Breast Cancer

What is Breast Cancer?

Breast cancer is a malignant (cancer) tumor that starts in the cells of the breast, can invade surrounding tissues or metastasize to distant areas of the body.1

Breast Anatomy

HER2 in Breast Cancer

How common is it in India?

Breast cancer is the most common cancer among women in India and worldwide Over 1,00,000 new breast cancer cases are estimated to occur every year and over 50,000 women are estimated to die of it annually in India.2,3

Which are the types of Breast Cancer?

Breast tumors can be benign or malignant. Benign breast lumps are cysts, fibroadenomas and intraductal papillomas.1

Types of breast cancer:1

Risk factors involved in Breast Cancer1

  • Gender: Breast cancer is much more common in women than in men.
  • Age: Risk goes up with age.
  • Genetic risk factors: Inherited changes (mutations) in certain genes like BRCA1 and BRCA2 can increase the risk.
  • Family history: Breast cancer risk is higher among women whose close blood relatives have this disease.
  • Personal history of breast cancer: A woman with cancer in one breast has a greater chance of getting another breast cancer.
  • Race: Overall, white women are slightly more likely to get breast cancer than African-American women. African-American women, though, are more likely to die of breast cancer.
  • Dense breast tissue: Dense breast tissue means there is more gland tissue and less fatty tissue. Women with denser breast tissue have a higher risk of breast cancer.
  • Certain benign (not cancer) breast problems: Women who have certain benign breast changes may have an increased risk of breast cancer.
  • Menstrual periods: Women who began having periods early (before age 12) or who went through menopause (stopped having periods) after the age of 55 have a slightly increased risk of breast cancer.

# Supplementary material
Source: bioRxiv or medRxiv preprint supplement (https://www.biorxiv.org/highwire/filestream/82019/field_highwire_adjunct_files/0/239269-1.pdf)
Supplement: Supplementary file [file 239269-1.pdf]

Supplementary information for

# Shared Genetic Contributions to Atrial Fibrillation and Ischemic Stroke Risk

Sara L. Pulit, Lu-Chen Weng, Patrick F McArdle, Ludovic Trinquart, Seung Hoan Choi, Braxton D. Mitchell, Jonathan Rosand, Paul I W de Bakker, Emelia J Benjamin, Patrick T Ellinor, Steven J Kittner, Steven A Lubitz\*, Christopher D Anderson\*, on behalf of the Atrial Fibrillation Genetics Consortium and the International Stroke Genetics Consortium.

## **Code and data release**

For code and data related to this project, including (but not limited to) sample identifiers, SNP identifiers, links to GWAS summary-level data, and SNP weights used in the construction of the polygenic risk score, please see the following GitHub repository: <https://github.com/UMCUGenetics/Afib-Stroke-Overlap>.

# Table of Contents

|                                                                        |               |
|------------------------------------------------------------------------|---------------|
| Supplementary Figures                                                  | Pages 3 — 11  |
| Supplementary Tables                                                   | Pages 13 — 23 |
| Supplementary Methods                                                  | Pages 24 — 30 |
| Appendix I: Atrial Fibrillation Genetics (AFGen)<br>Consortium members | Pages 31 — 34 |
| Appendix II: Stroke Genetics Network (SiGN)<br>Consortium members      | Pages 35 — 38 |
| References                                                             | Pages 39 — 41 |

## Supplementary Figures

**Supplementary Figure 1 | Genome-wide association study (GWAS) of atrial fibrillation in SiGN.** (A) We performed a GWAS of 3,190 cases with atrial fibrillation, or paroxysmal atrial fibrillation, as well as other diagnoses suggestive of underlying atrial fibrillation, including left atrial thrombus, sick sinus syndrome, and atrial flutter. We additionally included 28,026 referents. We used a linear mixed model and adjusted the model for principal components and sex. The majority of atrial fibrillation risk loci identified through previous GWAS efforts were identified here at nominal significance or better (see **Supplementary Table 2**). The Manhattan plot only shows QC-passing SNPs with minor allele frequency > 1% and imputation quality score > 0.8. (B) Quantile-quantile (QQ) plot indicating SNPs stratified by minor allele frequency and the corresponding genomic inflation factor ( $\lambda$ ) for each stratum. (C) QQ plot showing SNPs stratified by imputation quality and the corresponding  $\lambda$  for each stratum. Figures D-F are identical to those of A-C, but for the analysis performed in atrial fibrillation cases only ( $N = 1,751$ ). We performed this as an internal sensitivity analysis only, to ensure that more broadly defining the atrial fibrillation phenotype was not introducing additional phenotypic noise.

• Breast radiation early in life: Women who have had radiation treatment to the chest area (as treatment for another cancer) as a child or young adult have a greatly increased risk of breast cancer.
  • Treatment with DES: Women who were given the drug DES (diethylstilbestrol) during pregnancy have a slightly increased risk of getting breast cancer.
  • Not having children or having them later in life: Women who have not had children, or who had their first child after age 30, have a slightly higher risk of breast cancer. Being pregnant many times or pregnant when younger reduces breast cancer risk.
  • Certain kinds of birth control: Studies have found that women who are using birth control pills or an injectable form of birth control called depot-medroxyprogesterone acetate (DMPA) have a slightly greater risk of breast cancer than women who have never used them.
  • Using hormone therapy after menopause: Taking estrogen and progesterone after menopause (sometimes called combined hormone therapy) increases the risk of getting breast cancer.
  • Not breastfeeding: Some studies have shown that breastfeeding slightly lowers breast cancer risk, especially if breastfeeding lasts 1½ to 2 years.
  • Alcohol: The use of alcohol is clearly linked to an increased risk of getting breast cancer. Even as little as one drink a day can increase risk.
  • Being overweight or obese: Being overweight or obese after menopause (or because of weight gain that took place as an adult) is linked to a higher risk of breast cancer.

Stages of Breast Cancer4

TNM (T- Tumor size, N- Lymph node invasion, M- Metastasis) Classification of Breast Cancer

her2+ Treatment

How one can find Breast Cancer in early disease?

Screening Methods for Breast Cancer1

Clinical Breast Exam (CBE) and Breast Self Exam (BSE)

  • Monthly BSE for all women aged 20 years.
  • CBE every 3 year for 20-39 year age, every year for 40 year age and above.


  • Women ages 40 to 44 should have the choice to start annual breast cancer screening with mammograms if they wish to do so.
  • Women age 45 to 54 should get mammograms every year.
  • Women age 55 and older should switch to mammograms every 2 years, or have the choice to continue yearly screening.


Women who are at high risk for breast cancer based on certain factors should get an MRI and a mammogram every year. This includes women who:

  • Have a lifetime risk of breast cancer of about 20% to 25% or greater, according to risk assessment tools that are based mainly on family history.
  • Have a known BRCA1 or BRCA2 gene mutation.
  • Have a first-degree relative (parent, brother, sister, or child) with a BRCA1 or BRCA2 gene mutation, and have not had genetic testing themselves.
  • Had radiation therapy to the chest when they were between the ages of 10 and 30 years.